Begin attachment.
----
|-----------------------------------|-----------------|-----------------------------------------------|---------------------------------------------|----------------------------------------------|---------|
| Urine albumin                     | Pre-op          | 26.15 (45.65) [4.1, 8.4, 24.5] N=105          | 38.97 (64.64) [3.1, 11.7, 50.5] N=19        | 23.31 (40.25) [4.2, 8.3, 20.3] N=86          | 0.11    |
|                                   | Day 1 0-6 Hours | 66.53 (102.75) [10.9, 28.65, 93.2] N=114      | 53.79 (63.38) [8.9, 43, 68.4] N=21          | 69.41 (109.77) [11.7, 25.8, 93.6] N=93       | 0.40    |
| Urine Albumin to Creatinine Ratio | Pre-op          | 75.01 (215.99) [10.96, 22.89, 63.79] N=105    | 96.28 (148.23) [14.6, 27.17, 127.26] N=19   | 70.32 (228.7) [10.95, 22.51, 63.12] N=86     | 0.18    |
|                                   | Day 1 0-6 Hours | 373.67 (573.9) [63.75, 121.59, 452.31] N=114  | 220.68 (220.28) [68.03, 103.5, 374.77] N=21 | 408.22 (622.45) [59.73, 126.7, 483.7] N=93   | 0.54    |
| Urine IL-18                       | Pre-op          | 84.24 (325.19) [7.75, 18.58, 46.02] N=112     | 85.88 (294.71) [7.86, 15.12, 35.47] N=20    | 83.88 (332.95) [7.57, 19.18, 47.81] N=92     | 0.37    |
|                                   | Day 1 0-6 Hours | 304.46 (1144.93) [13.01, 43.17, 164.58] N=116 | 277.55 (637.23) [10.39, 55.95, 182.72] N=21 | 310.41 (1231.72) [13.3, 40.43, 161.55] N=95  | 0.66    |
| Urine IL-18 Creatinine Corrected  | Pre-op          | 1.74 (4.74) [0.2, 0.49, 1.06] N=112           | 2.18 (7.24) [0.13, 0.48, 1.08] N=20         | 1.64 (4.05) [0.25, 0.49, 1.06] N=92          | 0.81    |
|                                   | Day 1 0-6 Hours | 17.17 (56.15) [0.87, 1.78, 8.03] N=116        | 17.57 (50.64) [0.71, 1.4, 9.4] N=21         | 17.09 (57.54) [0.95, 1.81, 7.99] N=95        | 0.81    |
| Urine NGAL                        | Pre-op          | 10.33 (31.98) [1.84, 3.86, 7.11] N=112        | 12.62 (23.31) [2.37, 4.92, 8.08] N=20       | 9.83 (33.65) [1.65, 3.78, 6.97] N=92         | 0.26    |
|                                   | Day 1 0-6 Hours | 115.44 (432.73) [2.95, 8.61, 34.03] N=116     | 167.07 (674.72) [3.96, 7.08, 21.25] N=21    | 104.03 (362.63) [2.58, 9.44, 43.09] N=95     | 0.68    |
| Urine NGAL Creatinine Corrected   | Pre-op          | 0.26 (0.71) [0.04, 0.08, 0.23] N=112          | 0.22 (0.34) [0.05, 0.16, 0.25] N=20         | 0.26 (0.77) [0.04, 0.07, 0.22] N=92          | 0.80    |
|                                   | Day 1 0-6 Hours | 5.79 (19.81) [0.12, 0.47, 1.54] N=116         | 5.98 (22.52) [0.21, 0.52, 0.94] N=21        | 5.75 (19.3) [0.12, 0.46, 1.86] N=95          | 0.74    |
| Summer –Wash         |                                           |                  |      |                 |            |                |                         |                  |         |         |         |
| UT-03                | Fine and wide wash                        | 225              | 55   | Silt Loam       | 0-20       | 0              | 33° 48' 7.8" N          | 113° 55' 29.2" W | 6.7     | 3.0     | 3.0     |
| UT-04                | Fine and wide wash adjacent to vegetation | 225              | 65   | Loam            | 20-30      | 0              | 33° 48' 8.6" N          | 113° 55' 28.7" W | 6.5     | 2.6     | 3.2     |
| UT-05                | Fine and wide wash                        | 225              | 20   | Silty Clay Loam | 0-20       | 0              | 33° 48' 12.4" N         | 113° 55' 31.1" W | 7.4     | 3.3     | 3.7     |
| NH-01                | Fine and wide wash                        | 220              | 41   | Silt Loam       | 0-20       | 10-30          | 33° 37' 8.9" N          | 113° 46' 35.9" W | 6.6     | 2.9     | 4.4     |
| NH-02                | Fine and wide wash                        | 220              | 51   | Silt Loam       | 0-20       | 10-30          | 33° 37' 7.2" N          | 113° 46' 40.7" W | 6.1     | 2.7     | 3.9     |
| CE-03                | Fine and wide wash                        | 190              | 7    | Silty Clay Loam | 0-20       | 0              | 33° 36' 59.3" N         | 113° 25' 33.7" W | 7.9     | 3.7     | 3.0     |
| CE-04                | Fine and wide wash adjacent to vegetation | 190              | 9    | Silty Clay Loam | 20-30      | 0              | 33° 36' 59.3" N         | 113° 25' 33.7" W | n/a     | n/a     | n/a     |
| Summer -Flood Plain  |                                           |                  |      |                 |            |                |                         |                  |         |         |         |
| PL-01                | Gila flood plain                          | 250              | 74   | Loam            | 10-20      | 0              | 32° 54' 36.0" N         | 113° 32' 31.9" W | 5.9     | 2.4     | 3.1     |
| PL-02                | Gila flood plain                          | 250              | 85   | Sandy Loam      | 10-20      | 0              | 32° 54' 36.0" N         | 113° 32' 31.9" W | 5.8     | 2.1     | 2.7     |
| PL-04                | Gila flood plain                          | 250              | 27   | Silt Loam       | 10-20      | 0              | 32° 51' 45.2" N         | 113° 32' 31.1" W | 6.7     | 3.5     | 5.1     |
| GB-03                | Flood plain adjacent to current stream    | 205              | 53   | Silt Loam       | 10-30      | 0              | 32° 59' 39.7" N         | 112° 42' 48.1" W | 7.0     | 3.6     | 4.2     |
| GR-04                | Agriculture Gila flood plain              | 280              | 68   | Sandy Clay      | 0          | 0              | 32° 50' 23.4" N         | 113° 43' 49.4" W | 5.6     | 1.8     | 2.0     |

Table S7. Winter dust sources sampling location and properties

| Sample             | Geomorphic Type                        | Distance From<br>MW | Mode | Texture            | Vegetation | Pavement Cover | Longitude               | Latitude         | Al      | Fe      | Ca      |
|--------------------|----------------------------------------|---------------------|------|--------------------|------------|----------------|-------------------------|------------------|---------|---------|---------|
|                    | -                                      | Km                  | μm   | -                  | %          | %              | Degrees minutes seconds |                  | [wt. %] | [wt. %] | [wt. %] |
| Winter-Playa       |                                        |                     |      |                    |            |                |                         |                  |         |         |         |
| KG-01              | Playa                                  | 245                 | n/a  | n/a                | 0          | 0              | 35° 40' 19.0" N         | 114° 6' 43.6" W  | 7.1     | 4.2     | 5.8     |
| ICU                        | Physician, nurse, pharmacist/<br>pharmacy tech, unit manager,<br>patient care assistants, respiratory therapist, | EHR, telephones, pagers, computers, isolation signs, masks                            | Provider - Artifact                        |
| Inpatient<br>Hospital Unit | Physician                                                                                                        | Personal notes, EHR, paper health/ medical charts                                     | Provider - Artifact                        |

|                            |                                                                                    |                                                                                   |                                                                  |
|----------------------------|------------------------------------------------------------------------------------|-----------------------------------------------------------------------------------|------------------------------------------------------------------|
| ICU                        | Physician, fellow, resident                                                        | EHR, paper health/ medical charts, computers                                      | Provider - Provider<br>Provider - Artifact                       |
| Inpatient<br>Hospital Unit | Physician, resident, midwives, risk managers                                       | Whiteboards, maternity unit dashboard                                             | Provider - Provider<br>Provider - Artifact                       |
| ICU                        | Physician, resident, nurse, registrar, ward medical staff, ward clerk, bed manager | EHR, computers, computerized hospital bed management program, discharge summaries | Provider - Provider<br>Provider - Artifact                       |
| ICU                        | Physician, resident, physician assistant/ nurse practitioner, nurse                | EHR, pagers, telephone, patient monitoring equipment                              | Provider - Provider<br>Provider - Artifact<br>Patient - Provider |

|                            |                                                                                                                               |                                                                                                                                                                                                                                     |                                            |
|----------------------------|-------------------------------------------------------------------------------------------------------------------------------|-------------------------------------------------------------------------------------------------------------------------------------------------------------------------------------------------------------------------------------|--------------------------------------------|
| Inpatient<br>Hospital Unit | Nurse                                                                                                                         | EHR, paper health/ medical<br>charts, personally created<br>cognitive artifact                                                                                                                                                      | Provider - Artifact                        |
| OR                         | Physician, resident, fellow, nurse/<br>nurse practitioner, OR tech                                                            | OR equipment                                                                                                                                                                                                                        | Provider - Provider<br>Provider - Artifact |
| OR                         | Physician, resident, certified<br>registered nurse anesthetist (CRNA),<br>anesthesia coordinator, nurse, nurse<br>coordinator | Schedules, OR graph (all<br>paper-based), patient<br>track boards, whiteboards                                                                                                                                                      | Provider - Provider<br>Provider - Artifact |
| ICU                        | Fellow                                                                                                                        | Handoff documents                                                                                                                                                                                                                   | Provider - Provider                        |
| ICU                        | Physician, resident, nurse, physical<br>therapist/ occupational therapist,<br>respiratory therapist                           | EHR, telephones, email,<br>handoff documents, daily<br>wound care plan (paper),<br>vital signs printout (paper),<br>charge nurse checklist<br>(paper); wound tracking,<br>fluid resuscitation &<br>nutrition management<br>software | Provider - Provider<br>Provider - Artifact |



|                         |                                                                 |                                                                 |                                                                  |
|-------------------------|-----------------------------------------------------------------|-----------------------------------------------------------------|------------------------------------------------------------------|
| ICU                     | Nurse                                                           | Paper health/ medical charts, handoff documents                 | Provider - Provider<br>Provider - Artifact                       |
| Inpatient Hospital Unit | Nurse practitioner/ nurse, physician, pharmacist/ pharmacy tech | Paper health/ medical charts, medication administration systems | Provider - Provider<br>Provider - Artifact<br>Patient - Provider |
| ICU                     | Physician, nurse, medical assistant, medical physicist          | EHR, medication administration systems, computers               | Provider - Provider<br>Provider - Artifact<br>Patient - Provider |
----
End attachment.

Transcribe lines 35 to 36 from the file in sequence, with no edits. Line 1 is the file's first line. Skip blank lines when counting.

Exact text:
| Inpatient<br>Hospital Unit | Physician                                                                                                        | Personal notes, EHR, paper health/ medical charts                                     | Provider - Artifact                        |

|                            |                                                                                    |                                                                                   |                                                                  |